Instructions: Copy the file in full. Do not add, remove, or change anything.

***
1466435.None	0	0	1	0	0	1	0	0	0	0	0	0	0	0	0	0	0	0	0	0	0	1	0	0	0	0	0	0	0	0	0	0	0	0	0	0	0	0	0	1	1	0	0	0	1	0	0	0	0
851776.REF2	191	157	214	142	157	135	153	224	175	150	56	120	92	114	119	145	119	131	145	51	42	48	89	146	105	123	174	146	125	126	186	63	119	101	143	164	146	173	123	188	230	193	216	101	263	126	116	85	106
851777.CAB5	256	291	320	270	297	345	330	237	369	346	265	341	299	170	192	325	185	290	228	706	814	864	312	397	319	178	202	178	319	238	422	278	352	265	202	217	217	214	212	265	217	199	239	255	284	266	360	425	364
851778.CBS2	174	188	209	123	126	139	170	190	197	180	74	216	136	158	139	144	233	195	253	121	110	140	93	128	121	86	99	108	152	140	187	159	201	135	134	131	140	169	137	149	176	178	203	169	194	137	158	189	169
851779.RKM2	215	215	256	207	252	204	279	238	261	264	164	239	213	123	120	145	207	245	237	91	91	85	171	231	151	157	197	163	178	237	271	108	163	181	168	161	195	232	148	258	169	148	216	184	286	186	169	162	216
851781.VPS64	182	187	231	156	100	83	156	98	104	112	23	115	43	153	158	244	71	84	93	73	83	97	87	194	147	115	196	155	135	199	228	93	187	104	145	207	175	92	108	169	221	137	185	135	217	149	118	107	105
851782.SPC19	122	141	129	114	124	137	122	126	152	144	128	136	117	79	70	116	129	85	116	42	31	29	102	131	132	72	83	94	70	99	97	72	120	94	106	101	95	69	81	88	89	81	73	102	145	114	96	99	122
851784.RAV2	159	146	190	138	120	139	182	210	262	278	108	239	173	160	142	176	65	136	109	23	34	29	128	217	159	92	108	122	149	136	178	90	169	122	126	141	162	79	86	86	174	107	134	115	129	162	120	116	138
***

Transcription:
1466435.None	0	0	1	0	0	1	0	0	0	0	0	0	0	0	0	0	0	0	0	0	0	1	0	0	0	0	0	0	0	0	0	0	0	0	0	0	0	0	0	1	1	0	0	0	1	0	0	0	0
851776.REF2	191	157	214	142	157	135	153	224	175	150	56	120	92	114	119	145	119	131	145	51	42	48	89	146	105	123	174	146	125	126	186	63	119	101	143	164	146	173	123	188	230	193	216	101	263	126	116	85	106
851777.CAB5	256	291	320	270	297	345	330	237	369	346	265	341	299	170	192	325	185	290	228	706	814	864	312	397	319	178	202	178	319	238	422	278	352	265	202	217	217	214	212	265	217	199	239	255	284	266	360	425	364
851778.CBS2	174	188	209	123	126	139	170	190	197	180	74	216	136	158	139	144	233	195	253	121	110	140	93	128	121	86	99	108	152	140	187	159	201	135	134	131	140	169	137	149	176	178	203	169	194	137	158	189	169
851779.RKM2	215	215	256	207	252	204	279	238	261	264	164	239	213	123	120	145	207	245	237	91	91	85	171	231	151	157	197	163	178	237	271	108	163	181	168	161	195	232	148	258	169	148	216	184	286	186	169	162	216
851781.VPS64	182	187	231	156	100	83	156	98	104	112	23	115	43	153	158	244	71	84	93	73	83	97	87	194	147	115	196	155	135	199	228	93	187	104	145	207	175	92	108	169	221	137	185	135	217	149	118	107	105
851782.SPC19	122	141	129	114	124	137	122	126	152	144	128	136	117	79	70	116	129	85	116	42	31	29	102	131	132	72	83	94	70	99	97	72	120	94	106	101	95	69	81	88	89	81	73	102	145	114	96	99	122
851784.RAV2	159	146	190	138	120	139	182	210	262	278	108	239	173	160	142	176	65	136	109	23	34	29	128	217	159	92	108	122	149	136	178	90	169	122	126	141	162	79	86	86	174	107	134	115	129	162	120	116	138